Ishant's rewards for the dirty work
Taking the third question in his press conference, Ishant Sharma stropped mid-answer and nearly let out a shriek. "I'm sorry, I'm cramping," he said. A Test player cramping in a press conference. In enough discomfort to stop answering a question. It was an endearing moment. It was also one thing that we can be absolutely sure about with Ishant. He goes out on the field, and leaves everything there.
The cramping immediately took you back to the 59th over of the innings. Ishant was in the middle of an intense spell, and fielding at long leg. Bhuvneshwar Kumar was bowling at the other end, and as had been the case until then with Mohammed Shami and him, was releasing the pressure.
The second ball had been short and cut away for four, the fourth was too full and on the pads. Ian Bell clipped it through midwicket, but Ishant - who had already bowled five overs in that spell and would bowl two more - gave the chase his all, and nearly made it. He even put in a dive, but could not prevent the boundary. Had he not gone hard at this ball, he would have been excused, but that would not be Ishant. With the bat, with the ball, in the field, Ishant is the ultimate team man, ready to, as Dhoni demanded of his players back in 2007, run through a wall.
That, though, does not, and should not, sum Ishant up. He has a beautiful run-up yet often his wrist is not behind the ball. He can go months without looking threatening yet takes wickets in a bunch. He has ordinary statistics yet is persisted with by the team, for which he gets a lot of ridicule from the Indian fans; both "unlucky" and "lucky" are adjectives used in a pejorative sense for Ishant. He has all the physical attributes of a good fast bowler - he is tall, he is strong, he is fit and hardly gets injured - yet somehow it has never come together for a consistent period of time.
Popular assessment - and it could be wrong - is that Ishant is the least smart of Indian quicks yet the most experienced. A nicer way to say that is, he does not overthink. That sometimes is an asset for an Indian fast bowler. You have to bowl a lot of dirty overs or dirty pitches at dirty times. If you overthink, pitches will demoralise you. Every bowler has at some point tried to not bowl a certain kind of overs. Ishant, though, does not. This is different from being an "honest trier".
No one will argue against Ishant's stats, but part of why he is persisted with is because he does not complain about those dirty overs. He was India's best bowler in New Zealand yet did not get the new ball here. The leader of the attack, as Zaheer Khan wanted him to be, coming in when India had tried the plan A, and seen it fail. Ishant was introduced at a time he has become used to: when nothing was working for India.
India knew they were not going to burst through England on this pitch, they had to bowl dry and wait for mistakes. India did manage those dry periods in the first hour - seven runs off the first 38 balls - but they were releasing the pressure. Following those 38 balls, Shami was picked away for fours square on both the on and off sides in one over. Shami actually kept bowling too straight. It was getting dirty on a dirty pitch, and India called on "the leader of the attack".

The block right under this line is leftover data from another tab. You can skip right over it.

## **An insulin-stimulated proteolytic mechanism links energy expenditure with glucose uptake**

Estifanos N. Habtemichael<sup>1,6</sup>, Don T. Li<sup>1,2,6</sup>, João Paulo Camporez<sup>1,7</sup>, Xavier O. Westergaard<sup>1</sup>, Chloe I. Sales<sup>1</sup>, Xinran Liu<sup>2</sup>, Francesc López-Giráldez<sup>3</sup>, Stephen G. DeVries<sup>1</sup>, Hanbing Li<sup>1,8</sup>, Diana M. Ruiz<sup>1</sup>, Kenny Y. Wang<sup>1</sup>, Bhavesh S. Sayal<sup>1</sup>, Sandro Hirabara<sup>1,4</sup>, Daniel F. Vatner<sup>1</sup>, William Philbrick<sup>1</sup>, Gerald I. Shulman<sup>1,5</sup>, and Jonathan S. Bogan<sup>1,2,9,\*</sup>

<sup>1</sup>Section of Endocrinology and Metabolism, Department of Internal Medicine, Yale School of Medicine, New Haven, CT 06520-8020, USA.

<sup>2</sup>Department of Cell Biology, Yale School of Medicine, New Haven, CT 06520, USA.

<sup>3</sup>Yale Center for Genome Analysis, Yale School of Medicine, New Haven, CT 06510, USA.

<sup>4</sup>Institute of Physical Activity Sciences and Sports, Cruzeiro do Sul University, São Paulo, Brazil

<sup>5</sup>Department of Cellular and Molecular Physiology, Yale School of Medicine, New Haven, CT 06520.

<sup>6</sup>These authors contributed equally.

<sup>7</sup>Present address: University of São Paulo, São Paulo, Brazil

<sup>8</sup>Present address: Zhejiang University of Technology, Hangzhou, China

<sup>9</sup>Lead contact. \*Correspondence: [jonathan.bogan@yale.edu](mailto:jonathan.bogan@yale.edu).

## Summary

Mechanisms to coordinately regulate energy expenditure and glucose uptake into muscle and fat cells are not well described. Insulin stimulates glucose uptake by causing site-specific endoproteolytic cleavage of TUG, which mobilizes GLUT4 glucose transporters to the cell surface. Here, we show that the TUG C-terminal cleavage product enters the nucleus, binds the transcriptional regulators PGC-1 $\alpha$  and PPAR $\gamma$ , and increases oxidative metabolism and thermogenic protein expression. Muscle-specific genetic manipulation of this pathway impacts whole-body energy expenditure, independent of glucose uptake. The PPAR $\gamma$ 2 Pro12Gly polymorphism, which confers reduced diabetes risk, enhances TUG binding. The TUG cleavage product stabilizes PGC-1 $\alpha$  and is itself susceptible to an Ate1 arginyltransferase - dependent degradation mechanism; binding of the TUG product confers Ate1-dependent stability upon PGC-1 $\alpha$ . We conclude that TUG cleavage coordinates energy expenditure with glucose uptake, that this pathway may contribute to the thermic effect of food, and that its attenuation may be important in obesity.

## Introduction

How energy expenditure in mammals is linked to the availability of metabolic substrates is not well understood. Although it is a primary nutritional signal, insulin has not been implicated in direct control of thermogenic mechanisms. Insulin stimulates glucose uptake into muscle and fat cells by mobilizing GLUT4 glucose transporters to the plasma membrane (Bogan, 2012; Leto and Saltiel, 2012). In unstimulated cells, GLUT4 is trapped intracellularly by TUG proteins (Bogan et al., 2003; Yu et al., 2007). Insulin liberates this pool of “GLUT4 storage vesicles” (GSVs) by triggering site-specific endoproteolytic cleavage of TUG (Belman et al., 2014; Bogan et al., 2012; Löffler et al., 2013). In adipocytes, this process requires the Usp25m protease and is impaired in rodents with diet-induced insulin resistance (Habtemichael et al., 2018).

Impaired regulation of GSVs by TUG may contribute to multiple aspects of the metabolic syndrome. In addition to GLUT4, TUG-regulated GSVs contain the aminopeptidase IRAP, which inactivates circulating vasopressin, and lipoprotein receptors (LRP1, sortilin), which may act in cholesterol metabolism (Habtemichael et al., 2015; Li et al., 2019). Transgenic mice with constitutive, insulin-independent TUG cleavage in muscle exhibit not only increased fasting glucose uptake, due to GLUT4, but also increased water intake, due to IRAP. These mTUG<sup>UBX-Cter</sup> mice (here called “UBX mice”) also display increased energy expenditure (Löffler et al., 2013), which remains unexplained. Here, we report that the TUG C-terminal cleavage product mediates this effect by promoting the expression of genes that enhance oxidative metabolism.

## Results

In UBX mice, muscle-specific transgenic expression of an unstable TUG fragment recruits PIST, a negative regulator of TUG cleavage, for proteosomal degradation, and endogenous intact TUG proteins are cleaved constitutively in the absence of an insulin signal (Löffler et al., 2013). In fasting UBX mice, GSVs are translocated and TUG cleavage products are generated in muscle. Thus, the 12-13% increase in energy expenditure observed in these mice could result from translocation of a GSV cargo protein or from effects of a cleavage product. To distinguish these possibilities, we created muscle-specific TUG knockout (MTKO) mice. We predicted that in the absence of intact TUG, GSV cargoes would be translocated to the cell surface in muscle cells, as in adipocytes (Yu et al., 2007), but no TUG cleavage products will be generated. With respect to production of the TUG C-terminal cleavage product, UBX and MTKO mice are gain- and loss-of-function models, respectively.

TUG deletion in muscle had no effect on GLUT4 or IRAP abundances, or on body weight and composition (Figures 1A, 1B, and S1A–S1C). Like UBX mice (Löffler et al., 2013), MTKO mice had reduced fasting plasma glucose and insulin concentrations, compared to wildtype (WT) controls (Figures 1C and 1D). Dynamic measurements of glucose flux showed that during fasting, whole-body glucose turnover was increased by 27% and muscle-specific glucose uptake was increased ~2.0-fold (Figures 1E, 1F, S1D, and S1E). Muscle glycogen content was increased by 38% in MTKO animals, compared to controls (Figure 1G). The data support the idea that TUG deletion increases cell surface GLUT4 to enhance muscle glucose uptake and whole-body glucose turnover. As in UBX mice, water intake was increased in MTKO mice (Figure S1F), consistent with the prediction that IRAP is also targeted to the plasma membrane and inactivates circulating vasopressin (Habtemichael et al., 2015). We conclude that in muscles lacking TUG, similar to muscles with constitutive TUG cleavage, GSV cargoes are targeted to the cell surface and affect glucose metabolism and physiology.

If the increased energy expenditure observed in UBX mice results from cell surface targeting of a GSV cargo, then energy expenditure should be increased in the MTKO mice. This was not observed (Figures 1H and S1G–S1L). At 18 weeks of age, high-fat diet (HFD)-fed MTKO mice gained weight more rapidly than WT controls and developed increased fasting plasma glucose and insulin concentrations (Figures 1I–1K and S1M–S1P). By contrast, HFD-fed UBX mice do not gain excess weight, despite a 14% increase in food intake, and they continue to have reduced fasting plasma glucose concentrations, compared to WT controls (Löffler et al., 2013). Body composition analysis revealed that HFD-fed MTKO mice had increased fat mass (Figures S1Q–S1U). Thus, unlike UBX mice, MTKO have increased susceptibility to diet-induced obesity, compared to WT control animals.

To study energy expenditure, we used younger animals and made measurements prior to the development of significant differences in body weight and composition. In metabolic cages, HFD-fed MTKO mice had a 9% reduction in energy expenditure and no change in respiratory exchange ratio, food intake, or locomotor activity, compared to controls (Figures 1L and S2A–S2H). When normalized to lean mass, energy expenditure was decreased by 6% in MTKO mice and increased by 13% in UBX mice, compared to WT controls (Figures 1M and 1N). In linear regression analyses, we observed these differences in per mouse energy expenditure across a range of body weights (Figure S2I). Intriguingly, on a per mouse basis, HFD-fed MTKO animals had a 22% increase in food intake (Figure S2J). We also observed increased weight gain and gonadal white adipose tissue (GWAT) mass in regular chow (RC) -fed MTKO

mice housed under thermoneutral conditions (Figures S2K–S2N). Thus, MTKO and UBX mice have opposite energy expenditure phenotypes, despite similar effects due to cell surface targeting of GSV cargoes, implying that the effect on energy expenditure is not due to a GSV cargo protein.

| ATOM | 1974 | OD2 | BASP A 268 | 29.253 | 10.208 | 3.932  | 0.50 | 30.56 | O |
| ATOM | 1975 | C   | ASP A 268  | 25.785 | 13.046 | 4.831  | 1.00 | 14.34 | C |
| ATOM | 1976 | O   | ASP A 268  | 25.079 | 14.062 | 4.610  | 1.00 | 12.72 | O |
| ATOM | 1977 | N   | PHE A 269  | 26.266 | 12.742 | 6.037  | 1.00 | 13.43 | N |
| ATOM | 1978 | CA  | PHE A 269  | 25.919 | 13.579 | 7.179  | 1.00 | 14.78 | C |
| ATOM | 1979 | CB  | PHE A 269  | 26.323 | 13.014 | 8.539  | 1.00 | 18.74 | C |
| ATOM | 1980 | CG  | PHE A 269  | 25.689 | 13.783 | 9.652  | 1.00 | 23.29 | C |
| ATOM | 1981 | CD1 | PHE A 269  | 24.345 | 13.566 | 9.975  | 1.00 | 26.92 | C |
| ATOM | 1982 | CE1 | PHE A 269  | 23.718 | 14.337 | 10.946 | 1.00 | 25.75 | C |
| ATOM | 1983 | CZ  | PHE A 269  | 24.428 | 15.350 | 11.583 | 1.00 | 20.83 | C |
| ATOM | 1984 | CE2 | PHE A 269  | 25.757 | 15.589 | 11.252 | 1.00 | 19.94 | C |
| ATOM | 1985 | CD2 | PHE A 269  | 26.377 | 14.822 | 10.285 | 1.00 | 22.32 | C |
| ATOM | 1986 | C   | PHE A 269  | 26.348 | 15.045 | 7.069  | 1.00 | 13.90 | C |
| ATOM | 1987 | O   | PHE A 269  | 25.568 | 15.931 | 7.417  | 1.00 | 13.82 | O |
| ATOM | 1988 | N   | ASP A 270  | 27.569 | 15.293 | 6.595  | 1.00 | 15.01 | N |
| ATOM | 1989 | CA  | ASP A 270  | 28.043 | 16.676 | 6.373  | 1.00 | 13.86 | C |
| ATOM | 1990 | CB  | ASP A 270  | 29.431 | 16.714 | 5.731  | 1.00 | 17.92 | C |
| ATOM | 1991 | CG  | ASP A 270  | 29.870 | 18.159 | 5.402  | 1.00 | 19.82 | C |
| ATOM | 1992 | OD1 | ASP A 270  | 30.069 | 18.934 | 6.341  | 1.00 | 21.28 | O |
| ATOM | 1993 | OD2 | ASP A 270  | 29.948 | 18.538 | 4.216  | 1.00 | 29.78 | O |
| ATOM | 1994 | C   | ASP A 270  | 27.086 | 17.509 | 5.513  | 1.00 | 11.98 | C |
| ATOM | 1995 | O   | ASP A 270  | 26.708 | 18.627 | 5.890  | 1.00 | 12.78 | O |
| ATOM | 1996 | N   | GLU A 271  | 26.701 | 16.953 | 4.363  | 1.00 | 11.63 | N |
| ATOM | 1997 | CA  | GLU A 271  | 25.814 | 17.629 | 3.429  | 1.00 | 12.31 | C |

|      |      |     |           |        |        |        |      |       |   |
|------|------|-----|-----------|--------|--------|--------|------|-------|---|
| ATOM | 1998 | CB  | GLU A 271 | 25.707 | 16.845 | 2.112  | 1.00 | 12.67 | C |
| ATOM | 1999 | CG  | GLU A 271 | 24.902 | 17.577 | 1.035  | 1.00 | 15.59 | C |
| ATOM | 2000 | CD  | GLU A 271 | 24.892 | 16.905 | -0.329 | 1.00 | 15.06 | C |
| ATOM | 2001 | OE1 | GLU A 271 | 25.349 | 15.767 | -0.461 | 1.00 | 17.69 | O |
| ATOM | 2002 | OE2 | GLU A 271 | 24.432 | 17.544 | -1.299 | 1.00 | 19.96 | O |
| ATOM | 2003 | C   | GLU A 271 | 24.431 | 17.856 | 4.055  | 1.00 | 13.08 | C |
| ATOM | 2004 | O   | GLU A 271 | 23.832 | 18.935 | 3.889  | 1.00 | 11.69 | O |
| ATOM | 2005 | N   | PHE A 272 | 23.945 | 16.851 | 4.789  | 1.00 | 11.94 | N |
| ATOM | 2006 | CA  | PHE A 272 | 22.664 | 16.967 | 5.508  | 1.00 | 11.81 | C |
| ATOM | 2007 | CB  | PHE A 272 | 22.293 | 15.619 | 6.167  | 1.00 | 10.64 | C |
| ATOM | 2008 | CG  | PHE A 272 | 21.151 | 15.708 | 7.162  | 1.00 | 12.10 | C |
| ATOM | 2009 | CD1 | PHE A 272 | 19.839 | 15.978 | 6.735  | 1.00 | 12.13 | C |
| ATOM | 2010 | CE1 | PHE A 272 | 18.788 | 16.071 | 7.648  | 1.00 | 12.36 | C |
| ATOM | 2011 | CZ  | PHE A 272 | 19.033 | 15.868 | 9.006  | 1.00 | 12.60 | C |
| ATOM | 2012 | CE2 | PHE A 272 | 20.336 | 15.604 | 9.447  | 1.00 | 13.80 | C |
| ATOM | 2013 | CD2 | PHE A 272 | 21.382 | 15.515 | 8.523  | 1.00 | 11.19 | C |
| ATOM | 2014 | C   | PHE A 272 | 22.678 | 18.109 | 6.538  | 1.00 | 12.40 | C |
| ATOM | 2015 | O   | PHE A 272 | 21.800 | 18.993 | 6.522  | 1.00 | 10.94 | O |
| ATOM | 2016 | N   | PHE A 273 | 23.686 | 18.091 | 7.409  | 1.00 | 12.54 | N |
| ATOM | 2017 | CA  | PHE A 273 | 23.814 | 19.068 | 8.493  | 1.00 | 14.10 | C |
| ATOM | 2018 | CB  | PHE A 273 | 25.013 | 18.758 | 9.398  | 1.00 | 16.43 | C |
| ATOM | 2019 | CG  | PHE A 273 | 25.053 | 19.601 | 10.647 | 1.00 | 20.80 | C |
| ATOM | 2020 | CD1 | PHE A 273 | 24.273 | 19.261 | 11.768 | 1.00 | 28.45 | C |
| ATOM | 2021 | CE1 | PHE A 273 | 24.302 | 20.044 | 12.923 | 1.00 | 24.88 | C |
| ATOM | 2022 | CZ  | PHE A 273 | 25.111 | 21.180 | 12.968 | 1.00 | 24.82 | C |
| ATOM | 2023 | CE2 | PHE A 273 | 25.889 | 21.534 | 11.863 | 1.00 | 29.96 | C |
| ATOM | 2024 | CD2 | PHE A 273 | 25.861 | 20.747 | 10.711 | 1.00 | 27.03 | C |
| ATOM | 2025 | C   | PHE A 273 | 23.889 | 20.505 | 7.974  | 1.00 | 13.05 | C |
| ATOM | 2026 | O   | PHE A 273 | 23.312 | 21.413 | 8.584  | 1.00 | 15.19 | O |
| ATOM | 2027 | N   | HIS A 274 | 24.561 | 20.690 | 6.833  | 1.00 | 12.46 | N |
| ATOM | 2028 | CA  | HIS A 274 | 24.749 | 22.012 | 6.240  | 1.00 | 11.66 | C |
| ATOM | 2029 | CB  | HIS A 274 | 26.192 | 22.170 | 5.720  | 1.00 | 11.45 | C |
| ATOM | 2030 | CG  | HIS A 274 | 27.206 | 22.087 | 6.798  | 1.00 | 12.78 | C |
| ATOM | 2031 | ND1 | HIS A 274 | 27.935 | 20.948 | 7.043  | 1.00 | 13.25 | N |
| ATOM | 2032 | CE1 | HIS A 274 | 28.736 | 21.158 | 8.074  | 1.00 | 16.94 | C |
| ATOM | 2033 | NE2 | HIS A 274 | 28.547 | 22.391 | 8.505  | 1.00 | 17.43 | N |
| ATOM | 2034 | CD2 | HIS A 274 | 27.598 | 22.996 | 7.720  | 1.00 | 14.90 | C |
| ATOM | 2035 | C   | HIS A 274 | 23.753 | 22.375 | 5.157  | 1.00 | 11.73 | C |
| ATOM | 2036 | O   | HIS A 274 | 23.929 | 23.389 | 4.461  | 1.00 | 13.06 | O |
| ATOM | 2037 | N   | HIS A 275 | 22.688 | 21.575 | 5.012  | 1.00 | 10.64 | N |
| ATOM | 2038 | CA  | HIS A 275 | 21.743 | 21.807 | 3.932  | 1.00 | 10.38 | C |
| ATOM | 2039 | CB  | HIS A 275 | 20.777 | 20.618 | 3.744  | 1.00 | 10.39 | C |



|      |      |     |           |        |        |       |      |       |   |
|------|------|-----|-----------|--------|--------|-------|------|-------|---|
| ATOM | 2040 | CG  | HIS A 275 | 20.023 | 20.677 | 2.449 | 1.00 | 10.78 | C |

"I didn't think about all these things," Ishant said when asked if Zaheer's expectations made any difference. "It's just that I have played some more matches than the others. But we are all in the same age group. I am not the kind of person who really shows it to the team that I am the leader of the fast bowling attack. Obviously, when I am on the field, I share my experience that I have gathered through all the Test matches, and it helps me and them."
The difference showed in the bowling, though. There were few soft leaves, only 22 in 22 overs, which is a remarkable stat and vital on this pitch. You either bowl dry and consistently wide outside off to a seven-two field, which reduces your chances of getting wickets, or go at the batsman without straying too straight. Ishant chose the latter. He hit the pitch hard, which exploited whatever uneven bounce there was to be exploited, and crucially bowled fuller than usual.
"I have played enough matches to understand the length to bowl on different surfaces," Ishant said of the adjustment he made. "Sometimes it will get reverse, so it's about knowing the surface and the batsman you are bowling at to get the right length."
Another significant aspect of his bowling was the use of the short ball. Liam Plunkett bowled a lot of them, the other England quicks hardly did. Ishant, though, used it but sparingly. It surprised the batsmen, and this pitch was hardly the kind where you can take your eyes off and duck. Sam Robson was hit on the glove when fending, Moeen Ali when ducking. Moeen was caught off that short ball, Robson later fell to a fuller ball.
Ishant had the intensity and the variation to once again go through those dirty overs. Usually he goes for runs at such times, and his stats get worse. Today on a pitch that suits him, he got the wickets that triggered a collapse, and can still give India a big lead. Listening to him you know it did not happen by accident. As usual, though, the question remains where Ishant goes from here. You can rest assured, though, that he will not be bothered about the cramps.
Sidharth Monga is an assistant editor at ESPNcricinfo